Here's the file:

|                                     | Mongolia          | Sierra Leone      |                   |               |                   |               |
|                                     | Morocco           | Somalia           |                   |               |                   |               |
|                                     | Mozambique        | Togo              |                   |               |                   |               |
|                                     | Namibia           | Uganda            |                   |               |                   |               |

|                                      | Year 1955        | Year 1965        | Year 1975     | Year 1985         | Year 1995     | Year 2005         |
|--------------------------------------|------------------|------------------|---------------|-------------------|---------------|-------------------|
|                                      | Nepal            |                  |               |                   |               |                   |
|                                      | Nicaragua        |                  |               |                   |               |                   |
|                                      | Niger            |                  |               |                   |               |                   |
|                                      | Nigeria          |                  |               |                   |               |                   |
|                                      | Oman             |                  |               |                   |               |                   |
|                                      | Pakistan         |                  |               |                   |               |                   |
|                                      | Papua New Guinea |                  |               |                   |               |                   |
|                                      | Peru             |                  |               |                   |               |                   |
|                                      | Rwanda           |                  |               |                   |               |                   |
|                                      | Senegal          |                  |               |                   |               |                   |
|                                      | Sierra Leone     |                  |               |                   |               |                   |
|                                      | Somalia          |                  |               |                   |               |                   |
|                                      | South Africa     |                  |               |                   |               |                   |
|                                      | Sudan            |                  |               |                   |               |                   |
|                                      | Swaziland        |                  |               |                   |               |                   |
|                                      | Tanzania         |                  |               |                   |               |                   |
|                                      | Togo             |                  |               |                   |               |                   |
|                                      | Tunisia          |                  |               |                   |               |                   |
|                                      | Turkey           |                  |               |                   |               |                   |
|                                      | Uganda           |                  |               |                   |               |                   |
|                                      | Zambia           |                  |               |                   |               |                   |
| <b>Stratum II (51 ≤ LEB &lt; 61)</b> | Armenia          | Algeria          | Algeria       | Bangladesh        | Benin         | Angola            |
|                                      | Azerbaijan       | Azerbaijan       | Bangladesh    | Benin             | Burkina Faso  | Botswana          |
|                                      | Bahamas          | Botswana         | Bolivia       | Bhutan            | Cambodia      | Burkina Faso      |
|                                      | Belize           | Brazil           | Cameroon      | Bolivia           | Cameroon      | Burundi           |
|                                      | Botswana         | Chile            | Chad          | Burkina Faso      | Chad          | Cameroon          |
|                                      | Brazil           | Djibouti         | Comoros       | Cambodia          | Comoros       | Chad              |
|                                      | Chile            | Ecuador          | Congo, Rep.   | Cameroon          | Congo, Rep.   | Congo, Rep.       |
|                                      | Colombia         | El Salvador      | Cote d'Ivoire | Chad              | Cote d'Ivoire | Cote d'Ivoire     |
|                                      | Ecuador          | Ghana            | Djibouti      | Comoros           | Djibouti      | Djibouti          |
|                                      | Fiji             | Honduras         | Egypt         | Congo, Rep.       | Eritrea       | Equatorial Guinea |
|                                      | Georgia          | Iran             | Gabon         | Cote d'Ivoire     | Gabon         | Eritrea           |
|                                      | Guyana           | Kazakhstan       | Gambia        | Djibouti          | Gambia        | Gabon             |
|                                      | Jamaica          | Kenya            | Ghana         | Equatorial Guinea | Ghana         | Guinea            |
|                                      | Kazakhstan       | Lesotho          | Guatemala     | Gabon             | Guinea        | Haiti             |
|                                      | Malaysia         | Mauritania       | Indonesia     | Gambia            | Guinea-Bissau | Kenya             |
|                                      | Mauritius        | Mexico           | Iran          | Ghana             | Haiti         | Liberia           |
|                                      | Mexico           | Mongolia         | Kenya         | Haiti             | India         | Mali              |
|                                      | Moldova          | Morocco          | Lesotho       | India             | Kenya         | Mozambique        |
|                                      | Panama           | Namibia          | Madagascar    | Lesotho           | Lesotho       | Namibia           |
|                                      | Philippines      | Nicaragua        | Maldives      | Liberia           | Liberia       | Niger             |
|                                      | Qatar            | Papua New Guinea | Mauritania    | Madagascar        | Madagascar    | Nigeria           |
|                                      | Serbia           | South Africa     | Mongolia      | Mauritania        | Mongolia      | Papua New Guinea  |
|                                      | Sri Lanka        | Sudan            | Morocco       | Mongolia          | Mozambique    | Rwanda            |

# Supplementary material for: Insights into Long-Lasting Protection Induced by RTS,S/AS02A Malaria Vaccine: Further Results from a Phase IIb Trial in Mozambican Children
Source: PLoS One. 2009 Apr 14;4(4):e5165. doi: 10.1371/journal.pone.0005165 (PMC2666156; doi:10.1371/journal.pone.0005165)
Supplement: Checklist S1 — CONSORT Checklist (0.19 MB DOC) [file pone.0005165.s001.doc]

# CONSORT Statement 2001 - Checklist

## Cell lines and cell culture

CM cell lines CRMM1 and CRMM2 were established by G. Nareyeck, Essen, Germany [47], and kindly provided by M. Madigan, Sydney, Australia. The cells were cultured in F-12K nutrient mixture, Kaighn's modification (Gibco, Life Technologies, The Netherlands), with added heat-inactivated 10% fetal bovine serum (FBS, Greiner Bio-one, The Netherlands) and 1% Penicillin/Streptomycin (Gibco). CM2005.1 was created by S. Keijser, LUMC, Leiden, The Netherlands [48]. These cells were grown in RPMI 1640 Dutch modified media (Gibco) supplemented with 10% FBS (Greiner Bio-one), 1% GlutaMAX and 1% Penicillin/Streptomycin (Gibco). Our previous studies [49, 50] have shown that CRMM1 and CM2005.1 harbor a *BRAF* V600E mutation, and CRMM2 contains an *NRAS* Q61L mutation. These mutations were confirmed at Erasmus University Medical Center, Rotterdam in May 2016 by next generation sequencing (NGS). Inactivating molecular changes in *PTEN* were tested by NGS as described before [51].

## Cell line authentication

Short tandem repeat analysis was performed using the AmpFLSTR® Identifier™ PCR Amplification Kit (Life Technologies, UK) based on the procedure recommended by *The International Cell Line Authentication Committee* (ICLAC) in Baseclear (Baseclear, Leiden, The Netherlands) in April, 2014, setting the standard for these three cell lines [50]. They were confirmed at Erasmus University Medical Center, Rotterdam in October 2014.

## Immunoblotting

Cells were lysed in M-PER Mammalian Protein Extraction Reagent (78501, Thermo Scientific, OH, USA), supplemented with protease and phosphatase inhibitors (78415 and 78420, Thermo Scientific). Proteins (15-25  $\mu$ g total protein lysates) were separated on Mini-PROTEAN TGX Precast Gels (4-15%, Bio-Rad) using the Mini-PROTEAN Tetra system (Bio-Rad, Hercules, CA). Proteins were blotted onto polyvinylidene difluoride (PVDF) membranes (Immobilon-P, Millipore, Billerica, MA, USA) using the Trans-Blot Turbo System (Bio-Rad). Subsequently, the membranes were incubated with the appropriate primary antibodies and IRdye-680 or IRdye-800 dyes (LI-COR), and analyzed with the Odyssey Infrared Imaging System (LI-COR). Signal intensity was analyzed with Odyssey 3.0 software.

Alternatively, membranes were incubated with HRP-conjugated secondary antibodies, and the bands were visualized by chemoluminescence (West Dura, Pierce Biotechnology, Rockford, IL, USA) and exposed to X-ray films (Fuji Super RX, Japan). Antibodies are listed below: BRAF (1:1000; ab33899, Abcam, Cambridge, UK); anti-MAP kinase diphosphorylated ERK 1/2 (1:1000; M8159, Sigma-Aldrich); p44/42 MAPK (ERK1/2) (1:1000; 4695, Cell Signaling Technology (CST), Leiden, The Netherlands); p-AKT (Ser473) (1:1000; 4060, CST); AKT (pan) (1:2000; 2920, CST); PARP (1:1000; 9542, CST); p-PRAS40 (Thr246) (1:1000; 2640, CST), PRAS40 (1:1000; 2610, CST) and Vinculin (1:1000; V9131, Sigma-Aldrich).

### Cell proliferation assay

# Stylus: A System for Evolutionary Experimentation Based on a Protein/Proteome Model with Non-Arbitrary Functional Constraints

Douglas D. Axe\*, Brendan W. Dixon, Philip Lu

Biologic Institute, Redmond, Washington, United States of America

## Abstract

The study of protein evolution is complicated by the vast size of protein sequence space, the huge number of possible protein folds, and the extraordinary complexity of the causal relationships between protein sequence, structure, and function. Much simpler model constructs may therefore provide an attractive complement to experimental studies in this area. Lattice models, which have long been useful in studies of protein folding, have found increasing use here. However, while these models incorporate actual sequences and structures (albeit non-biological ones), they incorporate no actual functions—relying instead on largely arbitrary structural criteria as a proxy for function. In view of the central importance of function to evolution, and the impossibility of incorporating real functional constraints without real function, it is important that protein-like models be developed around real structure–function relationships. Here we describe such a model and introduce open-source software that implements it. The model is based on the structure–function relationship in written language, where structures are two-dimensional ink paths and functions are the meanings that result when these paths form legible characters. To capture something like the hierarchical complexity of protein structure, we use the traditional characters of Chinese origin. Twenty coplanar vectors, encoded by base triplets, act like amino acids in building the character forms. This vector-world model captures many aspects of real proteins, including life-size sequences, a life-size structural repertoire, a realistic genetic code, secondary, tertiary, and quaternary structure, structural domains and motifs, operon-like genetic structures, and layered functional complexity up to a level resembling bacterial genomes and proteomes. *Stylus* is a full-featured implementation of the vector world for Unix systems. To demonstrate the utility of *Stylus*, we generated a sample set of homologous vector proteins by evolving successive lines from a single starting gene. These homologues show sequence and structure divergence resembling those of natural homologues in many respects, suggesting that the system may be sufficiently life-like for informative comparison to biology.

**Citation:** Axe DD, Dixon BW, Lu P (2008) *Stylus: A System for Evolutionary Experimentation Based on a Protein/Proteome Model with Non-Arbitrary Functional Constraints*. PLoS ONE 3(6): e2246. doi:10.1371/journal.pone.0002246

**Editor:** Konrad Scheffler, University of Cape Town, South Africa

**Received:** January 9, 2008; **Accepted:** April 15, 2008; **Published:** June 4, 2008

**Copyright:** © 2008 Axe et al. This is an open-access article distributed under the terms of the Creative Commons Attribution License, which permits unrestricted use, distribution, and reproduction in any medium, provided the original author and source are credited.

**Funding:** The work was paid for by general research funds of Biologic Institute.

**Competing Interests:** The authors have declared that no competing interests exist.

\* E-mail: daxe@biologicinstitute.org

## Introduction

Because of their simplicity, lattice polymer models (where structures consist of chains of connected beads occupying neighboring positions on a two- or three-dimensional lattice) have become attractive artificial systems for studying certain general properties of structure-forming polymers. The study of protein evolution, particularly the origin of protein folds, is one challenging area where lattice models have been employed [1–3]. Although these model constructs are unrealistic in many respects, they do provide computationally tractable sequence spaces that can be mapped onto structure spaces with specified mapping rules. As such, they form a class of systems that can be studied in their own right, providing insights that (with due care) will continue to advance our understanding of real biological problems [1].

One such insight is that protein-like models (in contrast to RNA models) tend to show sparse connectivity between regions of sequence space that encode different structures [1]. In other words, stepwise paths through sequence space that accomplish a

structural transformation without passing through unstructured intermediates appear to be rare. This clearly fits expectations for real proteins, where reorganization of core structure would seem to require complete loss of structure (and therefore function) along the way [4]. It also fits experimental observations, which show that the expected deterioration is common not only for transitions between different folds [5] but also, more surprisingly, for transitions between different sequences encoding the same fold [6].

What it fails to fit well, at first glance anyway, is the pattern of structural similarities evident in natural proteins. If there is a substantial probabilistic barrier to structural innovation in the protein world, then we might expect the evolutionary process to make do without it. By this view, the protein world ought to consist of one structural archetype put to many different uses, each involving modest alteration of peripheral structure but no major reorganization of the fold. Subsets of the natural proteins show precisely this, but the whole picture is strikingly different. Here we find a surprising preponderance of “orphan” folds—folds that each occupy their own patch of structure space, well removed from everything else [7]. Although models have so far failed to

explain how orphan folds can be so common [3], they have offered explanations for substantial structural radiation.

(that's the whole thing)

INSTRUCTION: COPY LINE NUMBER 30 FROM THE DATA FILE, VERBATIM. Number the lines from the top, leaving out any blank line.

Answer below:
|                                      | Bahamas          | Botswana         | Bolivia       | Bhutan            | Cambodia      | Burkina Faso      |